FEAST: A September “report” issued by a coalition of activists opposed to large, modern agriculture revealed even they can’t hide from the truth. “The Shifting Currents Report,” a regurgitation of debunked anti-farming propaganda talking points, included such “authors” as two members of Clean Wisconsin, the head attorney for Midwest Environmental Advocates and a representative from the Sierra Club.
While these factions often attempt to paint Wisconsin’s water use as being unduly exploited and abused by farmers, even the report’s authors had to acknowledge in the most recent set of state natural resources data ALL agricultural irrigation accounted for a mere 4 percent of the state’s groundwater withdrawals — 4 percent. That was, in fact, the smallest percentage used by any government or industry with the exception of cranberry production (3 percent).

The next time you hear one of these “special interest groups” clamoring about how farms are sucking up all the water with high-capacity wells, please remind them their own published research disproves this baseless complaint.
FAMINE: Readers of a certain age will remember the final fight scene in the movie “The Karate Kid” during which a villainous coach viciously encourages his student to “Sweep the leg! Sweep the leg!” of an already-injured opponent. 
Thanks to astute reporting by Hannah Thompson of the Animal Agricultural Alliance, we now know that scene pretty much sums up the philosophy of animal activists.
At a recent conference, Thompson captured these pearls of wisdom from David Coman-Hidy of The Humane League including:
-- “When it is time to launch a campaign, find a vulnerable target, prepare everything for at least a few weeks and then assemble an overwhelming force to utilize from day one. The crueler it is, the quicker the fight is over.”
-- Never offer a reprieve. “When the competition is drowning, stick a hose in their mouth.”
Make no mistake: Coman-Hidy’s words confirm what many in the food industry already know — there is no compromise, no concession, no capitulation that will appease those that incite and hype staged events, which ultimately encourage animal abuse. 
Thompson, on the other hand, offers advice worth heeding: “Continually remind all of the links in your supply chain of where to look for factual, science-based information about animal welfare and comparing different production practices.”
FEAST: The New York Times — a publication not particularly well regarded for “balance” in its handling of agricultural issues — offered an autumn surprise of its own.
It published a Sept. 25 essay headlined “Why Industrial Farms are Good for the Environment” by Jason Lusk, professor of agricultural economics at Oklahoma State University. In it, the author noted:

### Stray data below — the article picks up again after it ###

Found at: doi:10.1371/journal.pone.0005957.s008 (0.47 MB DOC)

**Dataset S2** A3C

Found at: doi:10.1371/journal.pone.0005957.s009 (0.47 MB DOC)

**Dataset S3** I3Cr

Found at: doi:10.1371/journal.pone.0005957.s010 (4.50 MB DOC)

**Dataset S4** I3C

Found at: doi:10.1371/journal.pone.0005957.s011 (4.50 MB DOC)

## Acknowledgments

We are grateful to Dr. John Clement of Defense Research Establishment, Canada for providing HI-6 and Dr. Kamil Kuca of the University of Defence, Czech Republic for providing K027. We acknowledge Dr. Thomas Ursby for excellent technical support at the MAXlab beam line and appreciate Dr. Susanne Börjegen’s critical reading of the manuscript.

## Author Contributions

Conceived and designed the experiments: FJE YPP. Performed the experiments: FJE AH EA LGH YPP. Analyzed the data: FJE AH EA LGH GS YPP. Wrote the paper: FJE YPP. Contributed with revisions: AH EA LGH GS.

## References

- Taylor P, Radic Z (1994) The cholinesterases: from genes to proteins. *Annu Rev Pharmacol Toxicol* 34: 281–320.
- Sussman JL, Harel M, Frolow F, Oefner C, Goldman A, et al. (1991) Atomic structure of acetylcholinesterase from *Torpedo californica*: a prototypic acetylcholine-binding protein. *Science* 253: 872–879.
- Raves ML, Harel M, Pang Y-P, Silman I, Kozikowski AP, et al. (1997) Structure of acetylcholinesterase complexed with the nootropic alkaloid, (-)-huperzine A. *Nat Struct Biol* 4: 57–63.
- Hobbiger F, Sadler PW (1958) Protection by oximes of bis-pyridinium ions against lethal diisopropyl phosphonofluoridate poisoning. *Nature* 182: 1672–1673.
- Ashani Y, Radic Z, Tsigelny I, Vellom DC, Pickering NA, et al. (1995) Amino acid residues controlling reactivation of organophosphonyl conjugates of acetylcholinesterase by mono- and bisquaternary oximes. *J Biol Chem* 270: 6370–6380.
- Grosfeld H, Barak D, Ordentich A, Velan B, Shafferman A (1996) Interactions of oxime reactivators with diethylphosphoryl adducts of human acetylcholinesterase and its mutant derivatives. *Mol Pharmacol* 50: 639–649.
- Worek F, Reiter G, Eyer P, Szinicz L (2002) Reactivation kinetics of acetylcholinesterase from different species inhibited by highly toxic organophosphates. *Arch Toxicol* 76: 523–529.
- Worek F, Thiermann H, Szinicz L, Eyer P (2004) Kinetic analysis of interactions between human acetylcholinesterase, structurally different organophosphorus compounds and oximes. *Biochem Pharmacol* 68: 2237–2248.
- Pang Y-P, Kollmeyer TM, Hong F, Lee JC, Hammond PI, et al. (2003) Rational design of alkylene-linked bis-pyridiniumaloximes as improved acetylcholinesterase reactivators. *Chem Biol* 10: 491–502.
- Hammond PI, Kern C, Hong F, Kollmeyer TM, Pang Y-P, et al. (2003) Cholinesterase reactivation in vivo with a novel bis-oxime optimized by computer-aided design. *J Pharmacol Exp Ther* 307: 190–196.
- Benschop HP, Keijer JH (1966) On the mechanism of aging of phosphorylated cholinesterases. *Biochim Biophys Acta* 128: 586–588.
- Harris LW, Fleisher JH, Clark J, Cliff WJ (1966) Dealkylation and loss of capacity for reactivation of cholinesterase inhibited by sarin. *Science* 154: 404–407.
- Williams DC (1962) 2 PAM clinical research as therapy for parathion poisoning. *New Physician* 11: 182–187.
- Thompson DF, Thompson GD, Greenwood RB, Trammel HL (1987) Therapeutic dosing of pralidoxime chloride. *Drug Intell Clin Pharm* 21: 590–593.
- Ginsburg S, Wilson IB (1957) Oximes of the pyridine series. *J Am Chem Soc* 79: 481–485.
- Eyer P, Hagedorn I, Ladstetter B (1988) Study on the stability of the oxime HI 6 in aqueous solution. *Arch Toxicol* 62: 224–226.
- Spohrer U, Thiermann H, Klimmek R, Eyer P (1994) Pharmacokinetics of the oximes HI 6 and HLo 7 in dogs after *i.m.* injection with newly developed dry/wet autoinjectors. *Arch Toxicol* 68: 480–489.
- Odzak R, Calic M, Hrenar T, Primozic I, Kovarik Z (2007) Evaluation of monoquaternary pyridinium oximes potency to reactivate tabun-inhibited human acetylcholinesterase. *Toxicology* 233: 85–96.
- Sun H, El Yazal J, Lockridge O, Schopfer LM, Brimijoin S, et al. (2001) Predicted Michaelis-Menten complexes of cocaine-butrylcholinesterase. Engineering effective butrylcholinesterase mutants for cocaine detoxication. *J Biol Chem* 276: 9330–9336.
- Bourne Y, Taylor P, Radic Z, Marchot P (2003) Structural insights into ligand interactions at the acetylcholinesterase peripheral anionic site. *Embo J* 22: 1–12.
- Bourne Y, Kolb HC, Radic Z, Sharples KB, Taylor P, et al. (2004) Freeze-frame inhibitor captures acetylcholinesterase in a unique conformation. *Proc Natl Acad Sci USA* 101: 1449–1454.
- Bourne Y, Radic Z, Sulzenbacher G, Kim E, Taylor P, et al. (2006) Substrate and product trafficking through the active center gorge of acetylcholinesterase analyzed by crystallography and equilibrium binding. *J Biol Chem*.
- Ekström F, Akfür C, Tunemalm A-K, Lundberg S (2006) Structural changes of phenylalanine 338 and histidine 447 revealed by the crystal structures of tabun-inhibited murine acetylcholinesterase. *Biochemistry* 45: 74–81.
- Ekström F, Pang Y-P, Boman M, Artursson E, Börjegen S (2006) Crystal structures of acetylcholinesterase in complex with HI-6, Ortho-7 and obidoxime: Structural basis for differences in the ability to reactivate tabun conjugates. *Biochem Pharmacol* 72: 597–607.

Large farmers — who are responsible for 80 percent of the food sales in the United States, though they make up fewer than 8 percent of all farms, according to 2012 data from the Department of Agriculture — are among the most progressive, technologically savvy growers on the planet. Their technology has helped make them far gentler on the environment than at any time in history. And a new wave of innovation makes them more sustainable still …
Before “factory farming” became a pejorative, agricultural scholars of the mid-20th century were calling for farmers to do just that — become more factory-like and businesslike. From that time, farm sizes have risen significantly. It is precisely this large size that is often criticized today in the belief that large farms put profit ahead of soil and animal health … But increased size has advantages, especially better opportunities to invest in new technologies to benefit from economies of scale.
One article does not mean The New York Times has changed its tune. (Let’s remember it wasn’t that long ago that the newspaper published an anti-large farm diatribe headlined, “Don’t Let Your Children Grow Up to Be Farmers.”) Perhaps they are remembering the basic journalistic tenant of “balance.”
We can only hope.
FAMINE: Dannon recently became the latest food company to embrace fear-fueled marketing after pledging to eliminate the use of genetically-modified ingredients from its supply. 
“This is just marketing puffery, not any true innovation that improves the actual product offered to consumers,” said Randy Mooney, chairman of the National Milk Producers Federation and a dairy farmer from Rogersville, Mo. “What’s worse is that removing GMOs from the equation is harmful to the environment — the opposite of what these companies claim to be attempting to achieve.”
Mooney’s position was shared by farmer leaders of the American Farm Bureau Federation, American Soybean Association, American Sugarbeet Growers Association, National Corn Growers Association, National Milk Producers Federation and U.S. Farmers and Ranchers Alliance. Collectively, the six organizations represent hundreds of thousands of U.S. farmers and food producers.
The groups agree that biotechnology plays an important role in reducing the environmental footprint of agriculture, and challenged as disingenuous the assertion that sustainability is enhanced by stopping the use of GMO processes.
Dannon — a company that claims to care about people and the world — should know better.


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